“I like you underdressed.” It’ll be undressed before this evening is done.

“Come on in, Alain. Do you like French wines?”

“I do.”

He reached for the glass April held out to him but she drew it away, took his hand and forced her body against his.

“April, wait. What’re you doing?”

She answered with her lips, slightly parted, pressed against his.

Alain pulled his mouth away from her, but not before she felt his response pushing against her body.

“For the love of God, stop it.” His complexion paled, his breath came in spurts.

“Oh, Alain, I’m so sorry. I don’t know what overtook me.” April blushed. “You’re so . . . so irresistible.” She peeled away from him and approached the stove. Removing the cover from the saucepan, she stirred, feigned embarrassment. “It won’t happen again.”
He reached for the glass of wine she’d set on the counter and pulled up a barstool.

“What’re you cooking?”

“Pasta. Puttanesca sauce.”

“Putta-what sauce?”

“From Napoli. It’s named after their working women. Puttana means whore.”

She watched the color drain again from his face again.

“Whore?” he asked.

“Whore. It’s about living passionately, enjoying all the pleasures of life. My mama was Italian.”

Alain cleared his throat. “I’m sure I’ll like it.”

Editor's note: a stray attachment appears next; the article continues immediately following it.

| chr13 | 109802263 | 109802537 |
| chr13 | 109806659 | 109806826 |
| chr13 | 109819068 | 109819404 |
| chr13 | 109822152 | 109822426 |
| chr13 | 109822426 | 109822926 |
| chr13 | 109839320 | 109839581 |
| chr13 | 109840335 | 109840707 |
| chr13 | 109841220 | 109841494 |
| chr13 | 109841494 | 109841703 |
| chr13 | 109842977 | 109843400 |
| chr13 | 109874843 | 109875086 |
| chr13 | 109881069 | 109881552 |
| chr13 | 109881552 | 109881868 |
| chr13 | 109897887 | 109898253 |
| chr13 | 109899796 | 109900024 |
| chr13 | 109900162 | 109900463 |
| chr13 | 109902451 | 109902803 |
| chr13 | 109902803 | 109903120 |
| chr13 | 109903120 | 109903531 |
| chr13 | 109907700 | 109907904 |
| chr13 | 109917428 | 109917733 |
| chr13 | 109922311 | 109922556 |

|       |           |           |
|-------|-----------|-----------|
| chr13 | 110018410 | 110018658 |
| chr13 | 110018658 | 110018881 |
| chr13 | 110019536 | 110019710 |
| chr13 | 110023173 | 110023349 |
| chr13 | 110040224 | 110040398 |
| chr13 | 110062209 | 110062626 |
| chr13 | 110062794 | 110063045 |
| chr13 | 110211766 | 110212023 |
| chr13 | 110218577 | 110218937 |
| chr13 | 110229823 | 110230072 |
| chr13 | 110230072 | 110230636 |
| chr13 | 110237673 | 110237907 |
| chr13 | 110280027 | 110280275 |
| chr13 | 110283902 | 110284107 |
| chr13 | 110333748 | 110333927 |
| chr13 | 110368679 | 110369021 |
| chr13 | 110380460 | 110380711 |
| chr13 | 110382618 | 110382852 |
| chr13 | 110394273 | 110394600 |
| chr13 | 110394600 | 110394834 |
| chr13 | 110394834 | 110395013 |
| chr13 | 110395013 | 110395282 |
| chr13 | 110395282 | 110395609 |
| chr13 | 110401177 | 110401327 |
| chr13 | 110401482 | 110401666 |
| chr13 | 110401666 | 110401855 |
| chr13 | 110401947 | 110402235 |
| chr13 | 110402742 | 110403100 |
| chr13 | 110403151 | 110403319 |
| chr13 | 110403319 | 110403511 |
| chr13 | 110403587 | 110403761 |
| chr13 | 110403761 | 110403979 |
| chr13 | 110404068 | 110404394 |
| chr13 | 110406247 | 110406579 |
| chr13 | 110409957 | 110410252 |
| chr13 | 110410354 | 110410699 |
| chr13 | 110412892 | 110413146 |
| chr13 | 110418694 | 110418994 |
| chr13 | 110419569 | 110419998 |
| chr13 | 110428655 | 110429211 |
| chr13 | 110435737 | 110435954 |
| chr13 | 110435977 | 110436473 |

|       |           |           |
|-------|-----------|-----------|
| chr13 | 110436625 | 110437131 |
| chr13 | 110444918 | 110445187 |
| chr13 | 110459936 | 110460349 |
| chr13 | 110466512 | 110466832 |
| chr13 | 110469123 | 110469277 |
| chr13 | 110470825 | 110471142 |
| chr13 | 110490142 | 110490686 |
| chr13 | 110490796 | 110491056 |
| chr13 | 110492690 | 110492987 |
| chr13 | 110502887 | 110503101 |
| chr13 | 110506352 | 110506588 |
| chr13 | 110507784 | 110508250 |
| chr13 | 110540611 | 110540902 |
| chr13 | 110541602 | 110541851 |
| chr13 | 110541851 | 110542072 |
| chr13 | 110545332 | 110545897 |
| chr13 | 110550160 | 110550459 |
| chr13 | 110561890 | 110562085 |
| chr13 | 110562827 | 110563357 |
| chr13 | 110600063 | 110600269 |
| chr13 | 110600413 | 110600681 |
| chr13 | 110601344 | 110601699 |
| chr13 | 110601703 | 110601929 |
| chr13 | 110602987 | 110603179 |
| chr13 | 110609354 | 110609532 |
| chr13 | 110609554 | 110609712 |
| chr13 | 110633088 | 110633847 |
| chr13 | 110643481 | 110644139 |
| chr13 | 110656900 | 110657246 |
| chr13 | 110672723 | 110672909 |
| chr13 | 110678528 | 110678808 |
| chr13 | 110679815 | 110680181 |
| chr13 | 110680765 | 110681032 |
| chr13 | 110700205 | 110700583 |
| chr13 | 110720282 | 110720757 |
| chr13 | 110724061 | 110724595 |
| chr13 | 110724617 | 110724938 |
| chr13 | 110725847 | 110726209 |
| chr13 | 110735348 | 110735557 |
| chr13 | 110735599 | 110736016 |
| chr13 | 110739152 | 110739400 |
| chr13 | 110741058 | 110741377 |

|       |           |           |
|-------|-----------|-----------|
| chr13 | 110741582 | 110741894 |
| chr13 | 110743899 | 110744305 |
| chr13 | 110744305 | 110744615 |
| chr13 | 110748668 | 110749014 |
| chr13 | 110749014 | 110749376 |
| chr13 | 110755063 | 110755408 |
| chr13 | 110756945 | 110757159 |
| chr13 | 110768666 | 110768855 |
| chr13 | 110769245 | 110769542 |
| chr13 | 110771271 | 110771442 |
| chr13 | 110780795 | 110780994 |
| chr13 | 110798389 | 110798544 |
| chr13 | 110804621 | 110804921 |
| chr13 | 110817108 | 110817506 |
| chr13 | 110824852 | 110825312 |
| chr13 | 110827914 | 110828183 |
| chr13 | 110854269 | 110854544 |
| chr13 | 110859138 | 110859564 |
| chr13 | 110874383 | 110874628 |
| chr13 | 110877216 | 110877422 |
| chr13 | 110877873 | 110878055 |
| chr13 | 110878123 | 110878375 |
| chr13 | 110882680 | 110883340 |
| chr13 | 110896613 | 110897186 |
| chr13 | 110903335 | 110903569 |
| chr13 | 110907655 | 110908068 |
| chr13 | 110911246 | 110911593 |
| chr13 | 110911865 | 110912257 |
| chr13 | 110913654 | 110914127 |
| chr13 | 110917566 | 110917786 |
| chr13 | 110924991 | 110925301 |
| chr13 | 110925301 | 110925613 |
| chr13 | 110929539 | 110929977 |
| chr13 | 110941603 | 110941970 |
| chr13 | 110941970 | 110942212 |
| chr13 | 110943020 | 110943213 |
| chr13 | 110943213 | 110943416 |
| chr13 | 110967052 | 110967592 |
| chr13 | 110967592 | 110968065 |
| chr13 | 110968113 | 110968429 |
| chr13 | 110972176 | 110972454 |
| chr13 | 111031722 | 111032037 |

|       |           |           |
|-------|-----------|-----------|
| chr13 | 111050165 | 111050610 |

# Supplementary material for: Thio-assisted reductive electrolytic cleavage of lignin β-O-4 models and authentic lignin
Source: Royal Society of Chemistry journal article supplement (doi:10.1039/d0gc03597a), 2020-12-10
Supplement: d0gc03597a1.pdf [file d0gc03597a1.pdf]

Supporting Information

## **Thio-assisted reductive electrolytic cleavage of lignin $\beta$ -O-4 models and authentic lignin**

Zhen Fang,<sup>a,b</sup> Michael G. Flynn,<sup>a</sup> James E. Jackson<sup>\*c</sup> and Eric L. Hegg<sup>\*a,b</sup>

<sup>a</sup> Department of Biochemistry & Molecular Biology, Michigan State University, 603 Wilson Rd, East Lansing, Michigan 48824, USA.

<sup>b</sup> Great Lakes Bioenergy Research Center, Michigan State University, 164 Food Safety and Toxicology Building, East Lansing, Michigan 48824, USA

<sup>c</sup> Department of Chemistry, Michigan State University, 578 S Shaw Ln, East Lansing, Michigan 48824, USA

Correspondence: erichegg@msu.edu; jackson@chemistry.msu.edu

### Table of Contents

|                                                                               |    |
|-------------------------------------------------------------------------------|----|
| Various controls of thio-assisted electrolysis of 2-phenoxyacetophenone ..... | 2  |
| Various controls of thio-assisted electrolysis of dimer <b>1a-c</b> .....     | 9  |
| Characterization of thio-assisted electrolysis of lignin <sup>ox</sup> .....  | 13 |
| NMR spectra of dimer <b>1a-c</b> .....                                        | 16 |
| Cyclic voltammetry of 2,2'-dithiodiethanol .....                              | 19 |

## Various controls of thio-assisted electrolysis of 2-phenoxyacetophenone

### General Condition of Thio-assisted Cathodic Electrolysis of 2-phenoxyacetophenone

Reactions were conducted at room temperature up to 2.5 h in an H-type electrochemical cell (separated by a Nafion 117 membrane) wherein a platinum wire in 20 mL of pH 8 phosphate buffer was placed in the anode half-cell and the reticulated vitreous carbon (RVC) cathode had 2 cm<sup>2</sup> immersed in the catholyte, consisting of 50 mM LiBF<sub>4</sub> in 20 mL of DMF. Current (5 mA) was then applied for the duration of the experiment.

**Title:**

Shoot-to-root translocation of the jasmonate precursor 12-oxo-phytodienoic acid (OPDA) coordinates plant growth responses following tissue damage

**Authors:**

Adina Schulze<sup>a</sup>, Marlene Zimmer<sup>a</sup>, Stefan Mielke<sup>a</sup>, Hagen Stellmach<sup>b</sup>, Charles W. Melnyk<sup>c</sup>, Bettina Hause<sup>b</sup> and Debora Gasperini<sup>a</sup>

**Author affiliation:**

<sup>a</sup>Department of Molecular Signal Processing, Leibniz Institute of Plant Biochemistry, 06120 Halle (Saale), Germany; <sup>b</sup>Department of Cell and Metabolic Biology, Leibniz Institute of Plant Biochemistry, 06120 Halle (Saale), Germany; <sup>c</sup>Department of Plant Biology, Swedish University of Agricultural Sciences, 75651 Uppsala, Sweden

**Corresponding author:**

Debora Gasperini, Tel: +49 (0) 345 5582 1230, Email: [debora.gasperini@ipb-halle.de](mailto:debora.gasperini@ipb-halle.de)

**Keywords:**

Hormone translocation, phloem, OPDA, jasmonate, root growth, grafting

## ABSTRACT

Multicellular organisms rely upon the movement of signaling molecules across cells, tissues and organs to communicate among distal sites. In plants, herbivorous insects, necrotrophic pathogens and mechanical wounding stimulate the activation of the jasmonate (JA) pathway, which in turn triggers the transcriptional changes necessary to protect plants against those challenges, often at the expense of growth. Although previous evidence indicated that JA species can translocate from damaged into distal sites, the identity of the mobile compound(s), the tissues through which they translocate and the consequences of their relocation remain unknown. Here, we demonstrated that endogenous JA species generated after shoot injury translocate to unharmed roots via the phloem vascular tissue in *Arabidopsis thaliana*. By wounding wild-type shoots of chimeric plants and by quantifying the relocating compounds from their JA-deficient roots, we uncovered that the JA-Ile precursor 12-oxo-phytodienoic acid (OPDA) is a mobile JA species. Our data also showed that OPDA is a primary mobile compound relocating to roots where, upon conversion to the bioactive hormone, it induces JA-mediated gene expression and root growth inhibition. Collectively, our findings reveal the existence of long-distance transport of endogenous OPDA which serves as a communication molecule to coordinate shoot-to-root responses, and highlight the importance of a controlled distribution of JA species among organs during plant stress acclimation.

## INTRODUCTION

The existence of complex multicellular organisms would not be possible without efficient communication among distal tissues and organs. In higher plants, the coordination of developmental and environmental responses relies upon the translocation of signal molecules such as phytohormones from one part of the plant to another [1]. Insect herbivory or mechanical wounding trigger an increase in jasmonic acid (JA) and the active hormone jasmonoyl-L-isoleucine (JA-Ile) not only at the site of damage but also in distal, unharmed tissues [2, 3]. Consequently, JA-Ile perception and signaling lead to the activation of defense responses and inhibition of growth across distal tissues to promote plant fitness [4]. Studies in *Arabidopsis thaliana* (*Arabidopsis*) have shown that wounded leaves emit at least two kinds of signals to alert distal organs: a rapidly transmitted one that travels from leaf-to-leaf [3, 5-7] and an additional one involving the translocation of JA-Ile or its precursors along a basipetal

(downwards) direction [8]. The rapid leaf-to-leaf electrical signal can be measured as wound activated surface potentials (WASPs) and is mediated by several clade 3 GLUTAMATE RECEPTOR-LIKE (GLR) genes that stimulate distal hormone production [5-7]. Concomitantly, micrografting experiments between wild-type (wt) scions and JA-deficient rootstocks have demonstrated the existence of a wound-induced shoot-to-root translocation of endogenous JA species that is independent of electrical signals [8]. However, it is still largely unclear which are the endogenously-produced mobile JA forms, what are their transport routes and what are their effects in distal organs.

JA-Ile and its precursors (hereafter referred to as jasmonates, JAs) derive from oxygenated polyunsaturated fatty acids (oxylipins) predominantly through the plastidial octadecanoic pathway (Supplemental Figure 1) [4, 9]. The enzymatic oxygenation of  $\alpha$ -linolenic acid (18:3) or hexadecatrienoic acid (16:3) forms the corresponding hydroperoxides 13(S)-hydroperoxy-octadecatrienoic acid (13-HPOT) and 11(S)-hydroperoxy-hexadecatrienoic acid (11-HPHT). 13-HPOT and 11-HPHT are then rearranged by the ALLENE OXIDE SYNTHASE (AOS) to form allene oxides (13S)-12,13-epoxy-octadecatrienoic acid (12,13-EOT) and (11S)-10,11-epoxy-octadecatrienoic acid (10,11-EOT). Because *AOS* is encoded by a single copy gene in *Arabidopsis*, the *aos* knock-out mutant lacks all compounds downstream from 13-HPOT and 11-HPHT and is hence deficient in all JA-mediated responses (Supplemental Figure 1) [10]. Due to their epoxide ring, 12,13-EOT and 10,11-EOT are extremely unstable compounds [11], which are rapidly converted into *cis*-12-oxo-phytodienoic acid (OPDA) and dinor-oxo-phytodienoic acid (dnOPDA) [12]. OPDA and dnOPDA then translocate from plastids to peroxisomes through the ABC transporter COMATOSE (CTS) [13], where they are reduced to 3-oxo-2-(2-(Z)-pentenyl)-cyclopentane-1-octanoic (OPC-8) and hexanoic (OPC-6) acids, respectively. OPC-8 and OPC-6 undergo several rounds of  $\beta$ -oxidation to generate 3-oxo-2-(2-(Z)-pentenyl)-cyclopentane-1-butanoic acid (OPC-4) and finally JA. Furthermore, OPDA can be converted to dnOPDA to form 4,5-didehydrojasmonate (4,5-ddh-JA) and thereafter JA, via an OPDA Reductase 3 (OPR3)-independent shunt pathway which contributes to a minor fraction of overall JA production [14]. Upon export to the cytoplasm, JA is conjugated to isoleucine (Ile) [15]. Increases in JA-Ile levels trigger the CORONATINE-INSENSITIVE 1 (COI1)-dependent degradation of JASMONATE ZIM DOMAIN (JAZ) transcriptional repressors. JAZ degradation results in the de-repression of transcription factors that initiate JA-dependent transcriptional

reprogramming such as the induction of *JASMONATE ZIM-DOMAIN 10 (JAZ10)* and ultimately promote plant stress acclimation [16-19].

“I’m sure you will, too. How’s the wine?” April reached for her own glass, swirled, sniffed and tasted. She chewed the liquid, allowing her taste buds the full savor of the burst of flavors: fruits and oak. “Hmmmm…”

He studied her then imitated her motions. “Yes, good. Full-bodied.” Alain glanced at April then dropped his eyes to the crystal glass. “Oh God, I better go.”

“No, wait.” She dropped the pasta into boiling water that splashed and sizzled when it hit the burner. “You need to taste it with food.”

Alain made no move to leave. “Okay. Talk to me about Trish,” he said. “That’s what you invited me for.”

“Of course. What do you want to know?”

“I don’t know. It was your agenda.” Alain’s voice had a brittle edge to it.

“That was an excuse. I’ll never have a chance at you again.”

“I can’t do this. I just can’t. I love Trish and intend to be faithful to her.” He stood.

“Trish is insecure, Alain. You need to know that. This is a good test of her faith in you. Did you tell her you were coming here tonight?”

“No. She thinks I’m working late.”

“She’d be jealous. Have you seen her get jealous?”

“No. I’ve never given her cause. April, I’m outta here. I’m really uncomfortable.” Alain headed to the door. When he turned toward April and opened his mouth to speak, the phone rang.

April answered, “Hi Trish. What’s up?”